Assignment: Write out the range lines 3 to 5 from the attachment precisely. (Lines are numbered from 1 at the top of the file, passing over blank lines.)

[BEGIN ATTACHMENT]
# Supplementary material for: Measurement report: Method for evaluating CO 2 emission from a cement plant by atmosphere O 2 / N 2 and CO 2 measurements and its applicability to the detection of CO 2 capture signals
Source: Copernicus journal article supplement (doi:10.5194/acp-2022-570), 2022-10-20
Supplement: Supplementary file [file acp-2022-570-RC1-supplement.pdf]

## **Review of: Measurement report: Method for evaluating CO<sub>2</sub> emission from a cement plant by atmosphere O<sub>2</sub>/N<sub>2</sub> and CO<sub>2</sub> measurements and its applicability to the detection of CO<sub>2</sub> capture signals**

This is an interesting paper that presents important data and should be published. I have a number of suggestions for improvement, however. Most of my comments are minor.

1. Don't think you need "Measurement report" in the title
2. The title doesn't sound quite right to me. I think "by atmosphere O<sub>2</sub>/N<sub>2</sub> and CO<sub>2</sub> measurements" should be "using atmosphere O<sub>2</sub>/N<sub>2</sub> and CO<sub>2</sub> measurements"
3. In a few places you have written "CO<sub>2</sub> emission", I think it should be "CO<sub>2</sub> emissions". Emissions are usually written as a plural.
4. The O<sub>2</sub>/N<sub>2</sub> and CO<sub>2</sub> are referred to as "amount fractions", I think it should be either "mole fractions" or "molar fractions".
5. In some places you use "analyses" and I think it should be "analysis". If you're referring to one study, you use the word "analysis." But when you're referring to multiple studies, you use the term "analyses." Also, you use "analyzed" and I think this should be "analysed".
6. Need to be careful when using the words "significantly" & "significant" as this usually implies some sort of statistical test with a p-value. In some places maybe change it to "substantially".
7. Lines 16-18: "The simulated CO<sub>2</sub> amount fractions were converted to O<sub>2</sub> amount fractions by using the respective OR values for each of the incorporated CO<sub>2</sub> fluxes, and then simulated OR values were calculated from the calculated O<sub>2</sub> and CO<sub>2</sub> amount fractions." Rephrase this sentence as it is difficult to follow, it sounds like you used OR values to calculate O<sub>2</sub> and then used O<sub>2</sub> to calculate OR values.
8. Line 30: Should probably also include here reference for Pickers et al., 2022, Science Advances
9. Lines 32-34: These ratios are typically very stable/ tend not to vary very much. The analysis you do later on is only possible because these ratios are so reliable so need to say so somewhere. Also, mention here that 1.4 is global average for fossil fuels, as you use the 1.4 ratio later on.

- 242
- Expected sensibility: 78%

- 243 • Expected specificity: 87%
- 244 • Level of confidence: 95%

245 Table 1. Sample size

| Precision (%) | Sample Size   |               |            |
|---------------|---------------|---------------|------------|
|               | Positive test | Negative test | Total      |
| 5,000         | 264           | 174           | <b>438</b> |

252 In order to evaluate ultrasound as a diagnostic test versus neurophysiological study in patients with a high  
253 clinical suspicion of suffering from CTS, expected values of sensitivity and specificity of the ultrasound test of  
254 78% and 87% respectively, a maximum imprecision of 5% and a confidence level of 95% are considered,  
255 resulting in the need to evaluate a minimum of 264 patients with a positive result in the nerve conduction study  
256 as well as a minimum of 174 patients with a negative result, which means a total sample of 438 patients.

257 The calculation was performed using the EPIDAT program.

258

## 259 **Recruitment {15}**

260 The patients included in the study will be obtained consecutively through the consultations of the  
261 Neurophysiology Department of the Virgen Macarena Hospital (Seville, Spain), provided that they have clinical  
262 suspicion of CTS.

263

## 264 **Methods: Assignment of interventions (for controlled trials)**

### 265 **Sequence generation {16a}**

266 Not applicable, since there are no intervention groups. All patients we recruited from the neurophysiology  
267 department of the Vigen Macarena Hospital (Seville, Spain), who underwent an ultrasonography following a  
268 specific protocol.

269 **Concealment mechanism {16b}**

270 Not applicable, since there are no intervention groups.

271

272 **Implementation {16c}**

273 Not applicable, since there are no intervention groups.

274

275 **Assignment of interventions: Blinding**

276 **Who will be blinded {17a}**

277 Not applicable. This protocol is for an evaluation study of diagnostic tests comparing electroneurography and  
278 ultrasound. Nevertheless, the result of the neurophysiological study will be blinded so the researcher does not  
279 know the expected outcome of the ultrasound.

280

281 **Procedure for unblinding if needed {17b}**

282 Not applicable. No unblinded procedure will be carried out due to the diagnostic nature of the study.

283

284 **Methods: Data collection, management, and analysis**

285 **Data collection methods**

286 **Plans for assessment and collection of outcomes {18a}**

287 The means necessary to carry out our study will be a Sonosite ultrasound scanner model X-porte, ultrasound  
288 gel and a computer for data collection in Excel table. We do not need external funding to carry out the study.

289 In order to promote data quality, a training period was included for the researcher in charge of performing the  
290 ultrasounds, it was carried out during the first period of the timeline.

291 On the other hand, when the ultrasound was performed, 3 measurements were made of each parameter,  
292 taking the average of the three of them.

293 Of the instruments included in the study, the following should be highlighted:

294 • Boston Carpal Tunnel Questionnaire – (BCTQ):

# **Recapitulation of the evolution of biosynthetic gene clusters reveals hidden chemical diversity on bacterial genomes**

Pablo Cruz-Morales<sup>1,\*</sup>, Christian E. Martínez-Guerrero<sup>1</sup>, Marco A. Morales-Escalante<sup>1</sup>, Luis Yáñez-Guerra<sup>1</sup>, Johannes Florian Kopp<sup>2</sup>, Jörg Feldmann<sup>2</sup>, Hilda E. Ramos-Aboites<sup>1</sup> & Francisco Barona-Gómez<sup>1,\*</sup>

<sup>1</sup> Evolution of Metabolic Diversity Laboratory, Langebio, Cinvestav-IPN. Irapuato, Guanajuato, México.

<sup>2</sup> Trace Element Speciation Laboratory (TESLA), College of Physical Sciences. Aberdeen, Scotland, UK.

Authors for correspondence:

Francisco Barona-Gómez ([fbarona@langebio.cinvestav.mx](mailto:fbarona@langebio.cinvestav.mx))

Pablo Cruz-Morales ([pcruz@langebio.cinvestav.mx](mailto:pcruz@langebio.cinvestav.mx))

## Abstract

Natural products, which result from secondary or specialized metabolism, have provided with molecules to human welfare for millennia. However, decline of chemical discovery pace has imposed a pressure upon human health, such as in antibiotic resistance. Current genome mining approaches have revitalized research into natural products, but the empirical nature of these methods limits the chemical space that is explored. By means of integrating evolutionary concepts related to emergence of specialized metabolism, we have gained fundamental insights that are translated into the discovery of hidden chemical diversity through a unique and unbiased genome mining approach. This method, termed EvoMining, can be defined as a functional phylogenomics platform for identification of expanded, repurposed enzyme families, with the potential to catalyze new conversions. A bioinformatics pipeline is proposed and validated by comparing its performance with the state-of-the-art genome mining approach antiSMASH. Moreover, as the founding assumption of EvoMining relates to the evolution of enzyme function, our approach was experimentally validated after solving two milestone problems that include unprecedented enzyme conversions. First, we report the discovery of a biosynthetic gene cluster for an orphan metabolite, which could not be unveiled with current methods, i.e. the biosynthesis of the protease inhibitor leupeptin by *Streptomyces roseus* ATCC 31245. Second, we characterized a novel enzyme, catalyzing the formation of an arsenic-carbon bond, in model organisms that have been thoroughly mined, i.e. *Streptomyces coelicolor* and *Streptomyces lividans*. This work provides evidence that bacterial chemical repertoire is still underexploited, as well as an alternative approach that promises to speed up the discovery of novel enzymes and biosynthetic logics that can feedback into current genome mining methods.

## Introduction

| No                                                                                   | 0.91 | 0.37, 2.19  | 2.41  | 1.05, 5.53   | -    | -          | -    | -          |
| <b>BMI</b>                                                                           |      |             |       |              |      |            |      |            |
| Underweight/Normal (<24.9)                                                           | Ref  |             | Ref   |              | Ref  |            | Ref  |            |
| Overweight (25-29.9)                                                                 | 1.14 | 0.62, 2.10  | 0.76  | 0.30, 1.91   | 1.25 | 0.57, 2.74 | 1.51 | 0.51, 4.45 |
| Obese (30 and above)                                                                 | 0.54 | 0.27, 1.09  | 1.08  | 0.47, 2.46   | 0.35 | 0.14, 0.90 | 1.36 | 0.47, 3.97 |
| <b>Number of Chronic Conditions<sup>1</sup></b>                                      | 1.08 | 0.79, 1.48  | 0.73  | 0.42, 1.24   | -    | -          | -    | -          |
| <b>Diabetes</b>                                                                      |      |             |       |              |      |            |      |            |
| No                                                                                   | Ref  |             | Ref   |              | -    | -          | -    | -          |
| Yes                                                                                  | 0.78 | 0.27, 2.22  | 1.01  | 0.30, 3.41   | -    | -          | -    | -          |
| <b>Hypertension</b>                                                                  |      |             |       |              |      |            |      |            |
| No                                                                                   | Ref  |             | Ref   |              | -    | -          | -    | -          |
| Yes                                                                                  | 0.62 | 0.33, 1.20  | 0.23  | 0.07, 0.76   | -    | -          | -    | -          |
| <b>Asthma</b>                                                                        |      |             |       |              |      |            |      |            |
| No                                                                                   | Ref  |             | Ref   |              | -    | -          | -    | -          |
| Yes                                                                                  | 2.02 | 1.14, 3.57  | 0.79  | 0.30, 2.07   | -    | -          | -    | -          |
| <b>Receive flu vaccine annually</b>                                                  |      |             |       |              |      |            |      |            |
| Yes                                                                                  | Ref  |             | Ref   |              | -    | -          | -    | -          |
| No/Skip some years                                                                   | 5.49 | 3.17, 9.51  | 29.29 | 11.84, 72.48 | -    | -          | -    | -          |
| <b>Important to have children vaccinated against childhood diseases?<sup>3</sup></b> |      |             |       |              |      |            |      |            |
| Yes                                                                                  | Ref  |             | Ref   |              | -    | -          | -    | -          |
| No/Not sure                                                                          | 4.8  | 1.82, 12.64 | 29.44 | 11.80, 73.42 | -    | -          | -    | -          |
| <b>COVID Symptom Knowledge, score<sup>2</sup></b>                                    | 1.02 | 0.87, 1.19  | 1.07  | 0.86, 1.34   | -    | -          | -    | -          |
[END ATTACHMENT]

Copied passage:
Supplement: Supplementary file [file acp-2022-570-RC1-supplement.pdf]

## **Review of: Measurement report: Method for evaluating CO<sub>2</sub> emission from a cement plant by atmosphere O<sub>2</sub>/N<sub>2</sub> and CO<sub>2</sub> measurements and its applicability to the detection of CO<sub>2</sub> capture signals**

This is an interesting paper that presents important data and should be published. I have a number of suggestions for improvement, however. Most of my comments are minor.